Sen. Patrick Leahy (D-Vt.) declared victory Tuesday after the U.S. Senate signed off on sweeping changes to the nation's surveillance laws.
The USA Freedom Act, he said in a written statement, "will enact the most significant reforms to government surveillance powers" since Congress passed the USA Patriot Act in the aftermath of the attacks of September 11, 2001. The bill bars the National Security Agency from collecting bulk metadata from telephone companies and requires a court order for the information to be obtained, among other changes.
Passage of the USA Freedom Act restored certain surveillance powers that have been on hold since Sunday, when portions of the Patriot Act expired and Sen. Rand Paul (R-Ky.) held up consideration of the new legislation.
Opposing the bill Leahy helped write was his fellow Vermont delegate, Sen. Bernie Sanders (I-Vt.). He and Sen. Tammy Baldwin (D-Wis.) were the only liberals to join 30 Republican senators in voting "nay." Sixty-seven Democrats, Republicans and independents voted for the bill.
In an interview on NBC's "Meet the Press" on Sunday, Sanders indicated he was inclined to vote for the bill, which passed the U.S. House last month with Congressman Peter Welch's (D-Vt.) support.
"I may well be voting for it," he told moderator Chuck Todd. "It doesn't go as far as I would like it to go."
When Todd asked if he was comfortable with telephone companies storing the data, as would happen under the USA Freedom Act, Sanders said, "No, I'm not, but we have to look at the best of bad situations."
Sanders sounded a different note Monday in an interview with Yahoo News' Katie Couric.
“I voted against the Patriot Act. I voted against the reauthorization of the Patriot Act. And I will vote against final passage for the current legislation, because I think it does not go far enough," he said.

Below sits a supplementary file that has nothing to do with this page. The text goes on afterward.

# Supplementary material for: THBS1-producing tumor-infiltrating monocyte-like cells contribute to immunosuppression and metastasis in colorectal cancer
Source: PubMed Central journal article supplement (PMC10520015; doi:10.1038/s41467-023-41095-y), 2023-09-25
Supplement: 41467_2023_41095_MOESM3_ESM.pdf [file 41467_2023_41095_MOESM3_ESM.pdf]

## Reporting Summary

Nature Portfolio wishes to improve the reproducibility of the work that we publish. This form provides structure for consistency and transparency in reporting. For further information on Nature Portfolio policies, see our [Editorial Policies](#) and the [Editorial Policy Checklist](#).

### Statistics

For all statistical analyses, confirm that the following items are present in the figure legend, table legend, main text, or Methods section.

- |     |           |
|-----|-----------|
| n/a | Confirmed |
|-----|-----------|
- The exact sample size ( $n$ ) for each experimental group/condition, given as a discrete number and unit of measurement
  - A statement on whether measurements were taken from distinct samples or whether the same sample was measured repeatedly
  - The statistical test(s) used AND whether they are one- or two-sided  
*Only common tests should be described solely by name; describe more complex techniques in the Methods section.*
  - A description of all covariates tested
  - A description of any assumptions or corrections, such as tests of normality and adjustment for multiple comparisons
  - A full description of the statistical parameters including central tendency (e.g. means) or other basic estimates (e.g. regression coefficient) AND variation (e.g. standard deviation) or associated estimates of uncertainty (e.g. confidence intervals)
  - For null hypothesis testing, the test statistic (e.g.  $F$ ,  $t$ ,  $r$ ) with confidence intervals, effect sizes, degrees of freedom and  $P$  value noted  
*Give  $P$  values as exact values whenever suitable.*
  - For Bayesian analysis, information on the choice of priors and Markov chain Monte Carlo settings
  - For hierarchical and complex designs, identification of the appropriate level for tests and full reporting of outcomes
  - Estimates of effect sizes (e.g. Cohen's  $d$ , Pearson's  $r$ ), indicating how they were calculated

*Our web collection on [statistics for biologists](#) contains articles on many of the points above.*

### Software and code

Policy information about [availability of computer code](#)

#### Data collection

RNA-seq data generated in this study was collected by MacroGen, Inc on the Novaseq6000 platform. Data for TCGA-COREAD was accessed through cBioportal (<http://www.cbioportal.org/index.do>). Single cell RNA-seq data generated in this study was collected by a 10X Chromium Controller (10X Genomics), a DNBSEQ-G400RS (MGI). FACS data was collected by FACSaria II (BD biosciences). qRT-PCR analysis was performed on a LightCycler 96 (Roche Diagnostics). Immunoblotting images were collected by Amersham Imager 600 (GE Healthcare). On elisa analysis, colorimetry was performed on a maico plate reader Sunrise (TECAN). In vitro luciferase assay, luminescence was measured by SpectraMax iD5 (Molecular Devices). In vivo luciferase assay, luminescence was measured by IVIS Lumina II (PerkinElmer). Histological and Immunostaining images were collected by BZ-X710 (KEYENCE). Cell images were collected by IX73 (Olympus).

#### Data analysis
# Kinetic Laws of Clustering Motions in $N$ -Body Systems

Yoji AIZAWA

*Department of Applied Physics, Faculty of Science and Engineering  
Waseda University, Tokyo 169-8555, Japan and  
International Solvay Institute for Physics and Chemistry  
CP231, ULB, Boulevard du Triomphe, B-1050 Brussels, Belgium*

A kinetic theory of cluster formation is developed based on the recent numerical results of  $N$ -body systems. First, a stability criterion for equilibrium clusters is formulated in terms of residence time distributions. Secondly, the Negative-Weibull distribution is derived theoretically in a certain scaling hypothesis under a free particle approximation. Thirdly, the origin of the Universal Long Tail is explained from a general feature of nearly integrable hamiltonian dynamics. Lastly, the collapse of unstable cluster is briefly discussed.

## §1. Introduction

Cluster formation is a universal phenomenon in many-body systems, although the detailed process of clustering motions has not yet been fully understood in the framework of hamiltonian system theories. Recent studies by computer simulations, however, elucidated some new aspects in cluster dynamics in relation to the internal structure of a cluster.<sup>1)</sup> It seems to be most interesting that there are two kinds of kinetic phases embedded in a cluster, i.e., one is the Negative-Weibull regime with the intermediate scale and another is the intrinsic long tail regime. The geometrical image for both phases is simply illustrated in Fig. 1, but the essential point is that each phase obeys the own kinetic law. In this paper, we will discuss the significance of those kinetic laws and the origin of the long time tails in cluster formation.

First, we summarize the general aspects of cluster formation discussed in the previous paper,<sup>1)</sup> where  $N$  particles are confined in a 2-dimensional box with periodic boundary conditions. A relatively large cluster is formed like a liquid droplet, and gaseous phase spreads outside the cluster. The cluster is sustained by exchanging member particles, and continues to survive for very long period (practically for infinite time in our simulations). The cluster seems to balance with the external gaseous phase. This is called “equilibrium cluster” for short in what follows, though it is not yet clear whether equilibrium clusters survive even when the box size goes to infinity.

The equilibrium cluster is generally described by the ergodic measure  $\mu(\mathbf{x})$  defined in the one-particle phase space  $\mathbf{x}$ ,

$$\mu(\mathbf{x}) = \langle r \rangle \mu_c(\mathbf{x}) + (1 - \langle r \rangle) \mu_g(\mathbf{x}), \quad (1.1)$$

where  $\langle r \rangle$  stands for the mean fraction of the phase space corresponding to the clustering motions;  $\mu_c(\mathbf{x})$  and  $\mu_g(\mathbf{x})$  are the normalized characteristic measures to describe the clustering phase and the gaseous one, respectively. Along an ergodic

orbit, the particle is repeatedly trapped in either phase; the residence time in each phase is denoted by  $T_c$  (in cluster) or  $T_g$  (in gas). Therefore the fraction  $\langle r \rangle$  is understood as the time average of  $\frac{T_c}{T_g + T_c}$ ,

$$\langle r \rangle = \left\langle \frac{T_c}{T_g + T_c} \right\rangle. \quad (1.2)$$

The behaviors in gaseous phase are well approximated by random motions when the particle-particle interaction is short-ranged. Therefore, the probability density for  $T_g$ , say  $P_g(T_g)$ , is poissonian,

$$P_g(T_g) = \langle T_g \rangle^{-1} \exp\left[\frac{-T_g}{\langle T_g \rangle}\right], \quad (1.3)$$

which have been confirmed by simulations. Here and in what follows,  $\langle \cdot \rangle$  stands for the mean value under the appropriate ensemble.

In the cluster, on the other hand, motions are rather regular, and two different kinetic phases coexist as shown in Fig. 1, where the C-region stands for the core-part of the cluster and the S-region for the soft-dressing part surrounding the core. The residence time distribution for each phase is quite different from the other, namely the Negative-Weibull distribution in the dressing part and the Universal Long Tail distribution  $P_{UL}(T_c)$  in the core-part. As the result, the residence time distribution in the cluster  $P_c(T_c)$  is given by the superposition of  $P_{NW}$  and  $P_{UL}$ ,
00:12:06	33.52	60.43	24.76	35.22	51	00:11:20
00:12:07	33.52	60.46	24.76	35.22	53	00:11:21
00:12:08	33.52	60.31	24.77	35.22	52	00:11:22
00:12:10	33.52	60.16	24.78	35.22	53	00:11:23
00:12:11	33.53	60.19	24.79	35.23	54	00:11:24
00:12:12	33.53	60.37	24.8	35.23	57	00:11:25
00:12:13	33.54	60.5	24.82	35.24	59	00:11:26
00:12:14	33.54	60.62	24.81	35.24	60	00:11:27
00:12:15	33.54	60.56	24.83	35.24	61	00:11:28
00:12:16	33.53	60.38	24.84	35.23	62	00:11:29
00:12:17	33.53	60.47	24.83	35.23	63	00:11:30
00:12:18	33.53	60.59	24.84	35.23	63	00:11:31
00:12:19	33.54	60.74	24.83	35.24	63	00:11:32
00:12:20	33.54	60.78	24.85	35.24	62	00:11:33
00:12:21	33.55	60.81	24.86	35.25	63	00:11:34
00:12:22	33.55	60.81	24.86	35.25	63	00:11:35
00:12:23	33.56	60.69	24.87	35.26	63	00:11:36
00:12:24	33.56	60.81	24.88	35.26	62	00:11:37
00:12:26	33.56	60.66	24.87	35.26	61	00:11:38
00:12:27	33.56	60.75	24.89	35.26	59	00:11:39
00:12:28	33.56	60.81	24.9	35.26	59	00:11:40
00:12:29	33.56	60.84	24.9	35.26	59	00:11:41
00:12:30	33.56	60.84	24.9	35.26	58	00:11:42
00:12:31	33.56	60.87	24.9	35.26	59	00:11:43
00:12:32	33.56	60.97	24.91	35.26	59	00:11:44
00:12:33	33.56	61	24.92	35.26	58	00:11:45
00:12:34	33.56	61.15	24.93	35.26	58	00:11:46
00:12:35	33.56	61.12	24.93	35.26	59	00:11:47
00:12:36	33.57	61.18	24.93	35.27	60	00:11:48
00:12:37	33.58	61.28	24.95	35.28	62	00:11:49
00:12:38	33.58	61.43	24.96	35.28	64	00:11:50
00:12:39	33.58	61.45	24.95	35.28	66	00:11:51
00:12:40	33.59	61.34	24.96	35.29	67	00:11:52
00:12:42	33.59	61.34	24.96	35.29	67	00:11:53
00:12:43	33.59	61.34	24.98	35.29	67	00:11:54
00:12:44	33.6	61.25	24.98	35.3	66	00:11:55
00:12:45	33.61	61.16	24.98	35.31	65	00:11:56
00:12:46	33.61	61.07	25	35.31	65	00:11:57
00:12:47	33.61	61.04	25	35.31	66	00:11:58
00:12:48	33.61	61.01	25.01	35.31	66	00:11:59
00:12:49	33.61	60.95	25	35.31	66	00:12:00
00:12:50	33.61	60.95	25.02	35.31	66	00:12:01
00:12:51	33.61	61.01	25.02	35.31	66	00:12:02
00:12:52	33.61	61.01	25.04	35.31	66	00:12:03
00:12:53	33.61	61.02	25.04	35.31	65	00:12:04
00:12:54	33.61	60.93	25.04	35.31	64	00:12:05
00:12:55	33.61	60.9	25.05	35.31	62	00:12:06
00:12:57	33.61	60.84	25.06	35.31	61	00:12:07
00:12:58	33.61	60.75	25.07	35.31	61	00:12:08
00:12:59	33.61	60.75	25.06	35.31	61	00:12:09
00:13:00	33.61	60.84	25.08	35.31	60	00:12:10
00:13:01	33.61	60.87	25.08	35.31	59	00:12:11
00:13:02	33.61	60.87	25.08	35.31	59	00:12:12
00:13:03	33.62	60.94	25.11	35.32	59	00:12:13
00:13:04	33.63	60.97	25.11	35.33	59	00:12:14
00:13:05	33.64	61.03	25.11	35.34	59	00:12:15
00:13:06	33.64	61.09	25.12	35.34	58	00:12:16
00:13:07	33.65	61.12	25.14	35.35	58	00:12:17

Sanders struggled to explain specifically what portions of the USA Freedom Act he opposed, or what sort of surveillance legislation he might support. Instead, he focused on big-picture complaints with the modern surveillance state.
“I honestly believe that we will give the government and law enforcement all of the resources that it needs to go after those people that we have to go after," he told Couric. "But I worry, really worry, that we are moving toward an Orwellian form of society where big brother, whether in the corporate world or in the government, knows — has too much information about the private lives of innocent people.”
Asked to explain Sanders' apparent change in position between Sunday and Monday, spokesman Michael Briggs said, "He hadn’t decided on Sunday how he would vote on a measure that he said is better than the current law but doesn’t rein in the NSA as much as he wants. So on Sunday he still was weighing the pros and cons. By Monday, he had decided on balance to vote no."
Correction: An earlier version of this story misidentified Sen. Rand Paul's home state. He is from Kentucky.